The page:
As Dr. Heidi Cullen reports, the suffocating heat comes on the heels of the government's release of the new climate "normals". Every 10 years, scientists from the National Oceanic and Atmospheric Administration calculate the 30-year averages for temperature and precipitation from thousands of U.S. locations.
What weÃ¢Â€Â™ve known as Ã¢Â€ÂœnormalsÃ¢Â€Â for our climate during the past decade will very likely change soon.
Some in Florida who lived through Katrina now are preparing for climate change-related disasters they fear could be more damaging than a hurricane.
Wildfires are on the rise in the State of Washington, as they are in much of the American WestÃ¢Â€Â”and climate change looks at least partly responsible. This report explores the connections between rising temperatures, melting snows, multiplying beetles and the increase in wildfires as well as the toll fires are taking on forests and the people who live in and around them.
A massive new billboard was installed in midtown Manhattan on June 18. It's a first-ever carbon counter that gives an up-to-the minute reading of greenhouse gases into the atmosphereÃ¢Â€Â”like a debt clock for the climate.
Coal generates carbon dioxide when combusted, which is causing the world to warm. In Georgia, a state that gets over 60 percent of its electricity from coal, some coastal residents are connecting the dots between coal and changes in the local ecology and economy attributed to global warming. Recognizing the need to reduce carbon dioxide emissions, engineers are exploring "clean coal" technology. What is this technology? Will it work?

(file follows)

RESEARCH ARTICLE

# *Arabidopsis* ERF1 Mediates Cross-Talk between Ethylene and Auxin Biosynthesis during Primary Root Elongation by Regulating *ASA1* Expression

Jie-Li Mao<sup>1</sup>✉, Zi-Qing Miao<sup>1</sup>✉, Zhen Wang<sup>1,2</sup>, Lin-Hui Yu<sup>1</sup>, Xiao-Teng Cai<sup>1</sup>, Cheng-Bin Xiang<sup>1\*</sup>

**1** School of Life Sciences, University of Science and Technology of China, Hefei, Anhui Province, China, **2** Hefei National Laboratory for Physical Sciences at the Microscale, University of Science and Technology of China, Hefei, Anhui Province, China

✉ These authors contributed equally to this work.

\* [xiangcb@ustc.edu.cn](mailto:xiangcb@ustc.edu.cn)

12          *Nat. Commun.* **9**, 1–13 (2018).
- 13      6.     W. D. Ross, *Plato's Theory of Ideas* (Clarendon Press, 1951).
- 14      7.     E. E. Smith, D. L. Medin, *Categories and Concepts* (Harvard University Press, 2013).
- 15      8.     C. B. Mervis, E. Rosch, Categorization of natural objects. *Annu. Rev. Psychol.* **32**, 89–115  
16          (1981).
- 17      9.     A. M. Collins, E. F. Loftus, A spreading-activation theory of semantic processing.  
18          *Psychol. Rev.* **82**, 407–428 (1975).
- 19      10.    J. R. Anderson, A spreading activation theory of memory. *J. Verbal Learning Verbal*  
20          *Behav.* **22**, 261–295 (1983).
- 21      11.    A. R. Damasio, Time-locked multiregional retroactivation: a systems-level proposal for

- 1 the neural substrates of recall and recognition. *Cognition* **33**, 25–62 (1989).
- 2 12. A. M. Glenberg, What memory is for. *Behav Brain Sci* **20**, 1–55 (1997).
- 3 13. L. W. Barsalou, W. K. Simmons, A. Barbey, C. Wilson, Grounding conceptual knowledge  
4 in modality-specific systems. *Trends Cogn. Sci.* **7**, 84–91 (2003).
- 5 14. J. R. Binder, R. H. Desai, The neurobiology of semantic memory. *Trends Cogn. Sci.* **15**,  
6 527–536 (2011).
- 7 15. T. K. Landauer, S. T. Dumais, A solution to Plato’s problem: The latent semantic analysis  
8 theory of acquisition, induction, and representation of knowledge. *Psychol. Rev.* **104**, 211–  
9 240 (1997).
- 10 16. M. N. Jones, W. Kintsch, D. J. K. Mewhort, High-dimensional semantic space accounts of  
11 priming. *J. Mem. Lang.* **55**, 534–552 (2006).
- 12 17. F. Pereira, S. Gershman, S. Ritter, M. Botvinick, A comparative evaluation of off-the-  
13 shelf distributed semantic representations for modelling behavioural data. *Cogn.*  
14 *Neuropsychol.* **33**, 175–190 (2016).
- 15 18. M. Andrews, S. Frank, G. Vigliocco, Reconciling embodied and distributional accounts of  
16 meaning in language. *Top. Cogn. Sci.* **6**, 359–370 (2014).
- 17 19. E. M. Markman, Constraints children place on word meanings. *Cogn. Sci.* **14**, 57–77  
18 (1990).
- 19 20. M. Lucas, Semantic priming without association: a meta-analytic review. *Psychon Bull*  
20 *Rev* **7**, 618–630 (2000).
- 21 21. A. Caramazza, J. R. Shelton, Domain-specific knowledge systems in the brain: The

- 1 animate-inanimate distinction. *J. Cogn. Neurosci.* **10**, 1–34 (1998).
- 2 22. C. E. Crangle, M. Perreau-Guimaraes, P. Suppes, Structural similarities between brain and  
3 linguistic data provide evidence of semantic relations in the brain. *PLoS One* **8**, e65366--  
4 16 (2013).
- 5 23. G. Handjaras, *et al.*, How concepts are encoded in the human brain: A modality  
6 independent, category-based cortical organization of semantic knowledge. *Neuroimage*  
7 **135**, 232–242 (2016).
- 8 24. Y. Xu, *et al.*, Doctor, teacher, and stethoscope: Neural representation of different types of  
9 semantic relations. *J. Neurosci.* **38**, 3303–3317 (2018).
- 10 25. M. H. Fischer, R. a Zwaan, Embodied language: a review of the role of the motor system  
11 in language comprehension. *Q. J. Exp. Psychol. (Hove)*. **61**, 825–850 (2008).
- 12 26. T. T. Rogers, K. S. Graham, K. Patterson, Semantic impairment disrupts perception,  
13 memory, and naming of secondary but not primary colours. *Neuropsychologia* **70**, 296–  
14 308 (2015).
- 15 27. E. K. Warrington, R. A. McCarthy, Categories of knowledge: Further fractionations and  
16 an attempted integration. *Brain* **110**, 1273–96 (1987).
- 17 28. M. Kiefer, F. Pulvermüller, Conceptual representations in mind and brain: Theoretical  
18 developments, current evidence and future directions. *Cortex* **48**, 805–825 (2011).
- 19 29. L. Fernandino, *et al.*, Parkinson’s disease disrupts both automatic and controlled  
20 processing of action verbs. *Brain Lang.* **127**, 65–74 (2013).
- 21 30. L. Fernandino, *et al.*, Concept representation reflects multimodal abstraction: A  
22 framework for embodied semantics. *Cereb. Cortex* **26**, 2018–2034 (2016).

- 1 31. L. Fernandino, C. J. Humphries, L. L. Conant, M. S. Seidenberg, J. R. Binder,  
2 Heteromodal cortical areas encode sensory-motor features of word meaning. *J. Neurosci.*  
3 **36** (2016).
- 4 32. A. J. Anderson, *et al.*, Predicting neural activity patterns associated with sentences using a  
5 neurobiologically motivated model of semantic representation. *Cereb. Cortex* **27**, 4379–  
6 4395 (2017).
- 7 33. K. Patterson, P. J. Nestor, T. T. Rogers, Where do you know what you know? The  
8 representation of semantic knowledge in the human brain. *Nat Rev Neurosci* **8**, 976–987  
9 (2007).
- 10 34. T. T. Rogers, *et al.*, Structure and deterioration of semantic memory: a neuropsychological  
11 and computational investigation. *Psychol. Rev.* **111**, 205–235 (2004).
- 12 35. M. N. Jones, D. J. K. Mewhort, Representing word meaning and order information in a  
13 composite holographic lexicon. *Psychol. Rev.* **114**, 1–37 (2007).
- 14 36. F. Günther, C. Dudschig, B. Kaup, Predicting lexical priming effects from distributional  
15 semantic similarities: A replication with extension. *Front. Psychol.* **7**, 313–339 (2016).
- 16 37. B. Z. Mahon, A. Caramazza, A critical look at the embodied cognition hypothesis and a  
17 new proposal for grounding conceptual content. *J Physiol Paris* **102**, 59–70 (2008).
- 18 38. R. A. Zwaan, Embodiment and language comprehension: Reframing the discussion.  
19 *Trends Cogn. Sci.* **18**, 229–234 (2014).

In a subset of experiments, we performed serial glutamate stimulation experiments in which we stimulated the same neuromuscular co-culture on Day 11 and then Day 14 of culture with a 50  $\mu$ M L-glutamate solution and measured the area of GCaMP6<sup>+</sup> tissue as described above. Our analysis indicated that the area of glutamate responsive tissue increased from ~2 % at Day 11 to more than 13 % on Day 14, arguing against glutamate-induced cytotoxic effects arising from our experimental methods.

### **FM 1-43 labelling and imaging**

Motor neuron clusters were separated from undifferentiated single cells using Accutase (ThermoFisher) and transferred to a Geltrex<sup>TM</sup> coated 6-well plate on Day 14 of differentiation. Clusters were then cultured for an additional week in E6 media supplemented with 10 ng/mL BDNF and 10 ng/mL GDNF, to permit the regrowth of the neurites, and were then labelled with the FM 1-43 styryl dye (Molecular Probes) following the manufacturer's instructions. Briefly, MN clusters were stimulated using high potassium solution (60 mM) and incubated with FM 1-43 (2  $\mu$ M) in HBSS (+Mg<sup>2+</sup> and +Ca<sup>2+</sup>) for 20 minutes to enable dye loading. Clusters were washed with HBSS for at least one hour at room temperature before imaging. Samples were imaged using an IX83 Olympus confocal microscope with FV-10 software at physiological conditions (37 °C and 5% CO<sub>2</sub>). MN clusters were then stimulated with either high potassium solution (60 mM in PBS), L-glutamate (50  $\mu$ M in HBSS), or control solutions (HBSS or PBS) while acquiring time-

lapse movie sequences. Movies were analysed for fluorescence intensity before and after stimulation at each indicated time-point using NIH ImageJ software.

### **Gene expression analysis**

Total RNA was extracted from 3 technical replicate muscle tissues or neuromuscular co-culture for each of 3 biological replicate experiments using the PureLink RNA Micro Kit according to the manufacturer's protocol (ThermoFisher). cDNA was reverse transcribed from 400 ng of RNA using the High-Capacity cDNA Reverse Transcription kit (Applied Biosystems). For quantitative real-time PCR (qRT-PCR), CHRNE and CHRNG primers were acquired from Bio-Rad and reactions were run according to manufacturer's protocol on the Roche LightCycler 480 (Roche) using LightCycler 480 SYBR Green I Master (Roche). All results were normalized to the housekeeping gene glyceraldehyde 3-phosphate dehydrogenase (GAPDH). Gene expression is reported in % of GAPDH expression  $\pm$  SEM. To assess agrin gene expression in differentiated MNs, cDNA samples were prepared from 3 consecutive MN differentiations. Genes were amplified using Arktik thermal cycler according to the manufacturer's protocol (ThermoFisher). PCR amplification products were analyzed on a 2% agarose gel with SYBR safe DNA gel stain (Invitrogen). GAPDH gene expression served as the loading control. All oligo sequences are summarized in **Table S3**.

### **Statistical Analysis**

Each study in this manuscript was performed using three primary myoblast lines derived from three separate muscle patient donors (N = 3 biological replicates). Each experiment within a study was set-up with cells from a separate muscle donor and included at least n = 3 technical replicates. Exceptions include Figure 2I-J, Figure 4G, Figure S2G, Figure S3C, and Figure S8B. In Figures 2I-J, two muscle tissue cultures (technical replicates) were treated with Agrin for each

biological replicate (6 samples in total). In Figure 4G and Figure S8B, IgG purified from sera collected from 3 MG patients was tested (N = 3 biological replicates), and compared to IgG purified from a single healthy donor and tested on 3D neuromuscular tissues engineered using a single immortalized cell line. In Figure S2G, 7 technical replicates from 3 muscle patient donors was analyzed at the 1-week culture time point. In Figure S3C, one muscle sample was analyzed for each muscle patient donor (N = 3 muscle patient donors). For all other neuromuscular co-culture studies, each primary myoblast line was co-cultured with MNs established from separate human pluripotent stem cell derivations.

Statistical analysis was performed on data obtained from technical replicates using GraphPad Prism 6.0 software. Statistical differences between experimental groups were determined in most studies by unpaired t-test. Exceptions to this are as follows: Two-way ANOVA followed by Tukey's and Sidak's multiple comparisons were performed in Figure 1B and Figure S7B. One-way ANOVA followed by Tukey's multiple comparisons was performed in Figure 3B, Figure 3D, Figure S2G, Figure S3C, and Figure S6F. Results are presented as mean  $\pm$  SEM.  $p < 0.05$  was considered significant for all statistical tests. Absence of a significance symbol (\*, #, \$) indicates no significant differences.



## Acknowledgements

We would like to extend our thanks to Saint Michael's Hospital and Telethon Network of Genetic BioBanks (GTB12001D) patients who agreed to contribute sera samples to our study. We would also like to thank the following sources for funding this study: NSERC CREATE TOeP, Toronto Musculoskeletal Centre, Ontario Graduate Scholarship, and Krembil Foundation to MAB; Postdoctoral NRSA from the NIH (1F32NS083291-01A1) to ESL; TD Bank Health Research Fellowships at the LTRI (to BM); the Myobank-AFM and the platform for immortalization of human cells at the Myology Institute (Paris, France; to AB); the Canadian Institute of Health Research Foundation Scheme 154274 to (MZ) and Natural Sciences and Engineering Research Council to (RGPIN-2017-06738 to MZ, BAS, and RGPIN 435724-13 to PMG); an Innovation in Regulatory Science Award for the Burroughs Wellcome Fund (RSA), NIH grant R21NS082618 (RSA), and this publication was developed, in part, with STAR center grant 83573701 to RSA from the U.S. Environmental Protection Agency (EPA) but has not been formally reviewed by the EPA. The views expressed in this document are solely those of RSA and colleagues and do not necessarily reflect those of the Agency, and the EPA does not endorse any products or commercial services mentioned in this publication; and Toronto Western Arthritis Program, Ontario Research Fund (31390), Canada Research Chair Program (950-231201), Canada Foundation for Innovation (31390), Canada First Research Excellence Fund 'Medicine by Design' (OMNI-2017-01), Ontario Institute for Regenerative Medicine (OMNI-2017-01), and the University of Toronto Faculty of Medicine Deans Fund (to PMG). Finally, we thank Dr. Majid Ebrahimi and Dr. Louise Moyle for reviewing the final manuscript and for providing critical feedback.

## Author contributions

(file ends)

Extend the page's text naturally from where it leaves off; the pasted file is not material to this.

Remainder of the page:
Congress helped bolster the corn ethanol business in Iowa by mandating the Renewable Fuel Standard in 2005. But scientists are concerned about the unexpected consequences of putting more of Iowa's land into corn production Ã¢Â€Â” consequences that may make corn ethanol a bigger source of climate-warming gases than regular gasoline.
The flow of water in Montana's rivers is lifeblood for its economy, both through tourism and agriculture. Montana's recreational fishing and agricultural industries depend on cool waters flowing from melting snow high in the mountains throughout the summer. But across Montana, rising temperatures are causing a series of changes.